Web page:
: Any kind of luck (9781575667669) : William Jack Sibley : Books
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Any Kind Of Luck

by William Jack Sibley
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Product Details

  • Publisher: Kensington
  • Publishing date: 01/08/2001
  • Language: Français
  • ISBN-13: 9781575667669
  • ISBN: 1575667665


In William Jack Sibley's high-spirited debut novel, a transplanted Texan discovers that you really can go home again. The real question is...who in his right mind would want to?

Grit, Texas Is A Helluva Long Way From Christopher Street… That's Manhattan hand model Clu Latimore's first thought upon his return to an all-too-familiar rural hometown with Chris, his laid-back lover, in tow. Mere moments after his arrival, Clu is up to his stylish cut in problems that include caring for a dying mother and her pack of prize-winning Chihuahuas, and of course, initiating the incredulous Chris into the reality of life in the land of blue bonnets, barbecue, and Baptists.

Naturally, Clu can't turn to his siblings for help. His eternally-broke redneck older brother Jaston is obsessed with renting heavy machinery in hopes of unearthing treasure behind the abandoned house next door. And his perpetually pregnant—yet still childless—sister Laine has troubles of her own, thanks to Sherrod, her jailbird accountant husband. It's solely up to Clu to lend support to their mother, Bettie Jean, who is on the verge of not only death, but marriage to Brother Ramirez, a Mexican-American evangelist.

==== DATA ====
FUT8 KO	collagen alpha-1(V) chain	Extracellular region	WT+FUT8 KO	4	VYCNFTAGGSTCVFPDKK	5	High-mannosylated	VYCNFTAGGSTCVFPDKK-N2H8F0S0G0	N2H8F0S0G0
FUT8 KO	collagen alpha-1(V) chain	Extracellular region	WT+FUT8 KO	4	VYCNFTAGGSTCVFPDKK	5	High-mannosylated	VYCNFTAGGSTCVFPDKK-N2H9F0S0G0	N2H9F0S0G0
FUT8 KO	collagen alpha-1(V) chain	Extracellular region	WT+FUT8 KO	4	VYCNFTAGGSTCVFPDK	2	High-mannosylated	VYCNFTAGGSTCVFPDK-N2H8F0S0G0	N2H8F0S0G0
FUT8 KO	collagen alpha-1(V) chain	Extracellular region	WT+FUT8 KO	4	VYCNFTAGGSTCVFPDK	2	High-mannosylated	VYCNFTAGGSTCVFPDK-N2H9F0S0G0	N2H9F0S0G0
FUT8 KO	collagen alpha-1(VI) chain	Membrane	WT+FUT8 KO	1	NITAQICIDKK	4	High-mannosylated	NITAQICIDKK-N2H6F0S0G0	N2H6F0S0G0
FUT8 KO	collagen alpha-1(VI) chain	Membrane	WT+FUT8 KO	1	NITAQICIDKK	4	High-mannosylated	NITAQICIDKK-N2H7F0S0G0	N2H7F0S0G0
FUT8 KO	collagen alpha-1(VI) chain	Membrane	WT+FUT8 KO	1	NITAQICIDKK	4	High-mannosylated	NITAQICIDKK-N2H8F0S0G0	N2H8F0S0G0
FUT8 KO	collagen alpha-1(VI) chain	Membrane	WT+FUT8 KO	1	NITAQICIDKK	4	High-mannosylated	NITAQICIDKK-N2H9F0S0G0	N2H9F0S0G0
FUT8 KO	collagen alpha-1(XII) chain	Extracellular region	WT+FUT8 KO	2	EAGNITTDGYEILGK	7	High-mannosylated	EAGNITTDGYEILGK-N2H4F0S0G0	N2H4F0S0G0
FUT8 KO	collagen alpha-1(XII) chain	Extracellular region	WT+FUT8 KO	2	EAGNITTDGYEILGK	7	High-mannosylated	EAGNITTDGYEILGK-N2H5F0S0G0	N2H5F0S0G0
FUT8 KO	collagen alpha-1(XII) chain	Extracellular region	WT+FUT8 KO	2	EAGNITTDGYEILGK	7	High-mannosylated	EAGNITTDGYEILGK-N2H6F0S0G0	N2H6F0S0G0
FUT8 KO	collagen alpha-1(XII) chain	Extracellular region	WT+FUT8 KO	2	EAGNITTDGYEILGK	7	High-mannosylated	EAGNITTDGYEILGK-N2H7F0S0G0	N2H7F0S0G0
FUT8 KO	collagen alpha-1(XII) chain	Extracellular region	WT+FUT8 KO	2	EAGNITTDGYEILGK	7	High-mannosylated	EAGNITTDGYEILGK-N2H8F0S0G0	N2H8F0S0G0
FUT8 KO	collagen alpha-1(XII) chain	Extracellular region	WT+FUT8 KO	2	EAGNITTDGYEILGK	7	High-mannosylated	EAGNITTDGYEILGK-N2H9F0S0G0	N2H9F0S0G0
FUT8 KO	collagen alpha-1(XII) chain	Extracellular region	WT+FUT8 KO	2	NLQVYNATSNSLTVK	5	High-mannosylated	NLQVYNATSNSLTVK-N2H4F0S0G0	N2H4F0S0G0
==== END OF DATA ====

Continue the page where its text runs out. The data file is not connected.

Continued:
Just when Clu's all but ruled out suicide, along comes his former piano teacher and Grit's answer to Brooke Astor, Miss Oveta Canfield. It seems Miss Oveta intends to transform the Espinosa County Livestock Barn into a dinner theater with a little help from Mr. Jeffrey, her dwarflike sixty-something hairdresser-slash-adopted son. Before you can say "Agamemnon," Clu has been recruited to direct a country-western musical version of the Greek tragedy—starring none other than Mr. Jeffrey's shockingly virile offspring, Preston, a beefy blonde studlet whose mission in life, until now, has been tending the gardens around the pillared pink Canfield mansion.

Before Clu's journey is over, there will be a wedding, a birth, a funeral and, of course, a no-holds-barred production of "Agamemnon—The Musical" that proves nobody is immune to Preston's seductive charms: not the audience, not Chris, not even Clu himself. Convinced he's seen everything, Clu can't help wondering how long a couple of gay New Yorkers can possibly survive in a dry county crawling with Bible thumpers, fire ants, and temptation in the last place they ever expected to find it...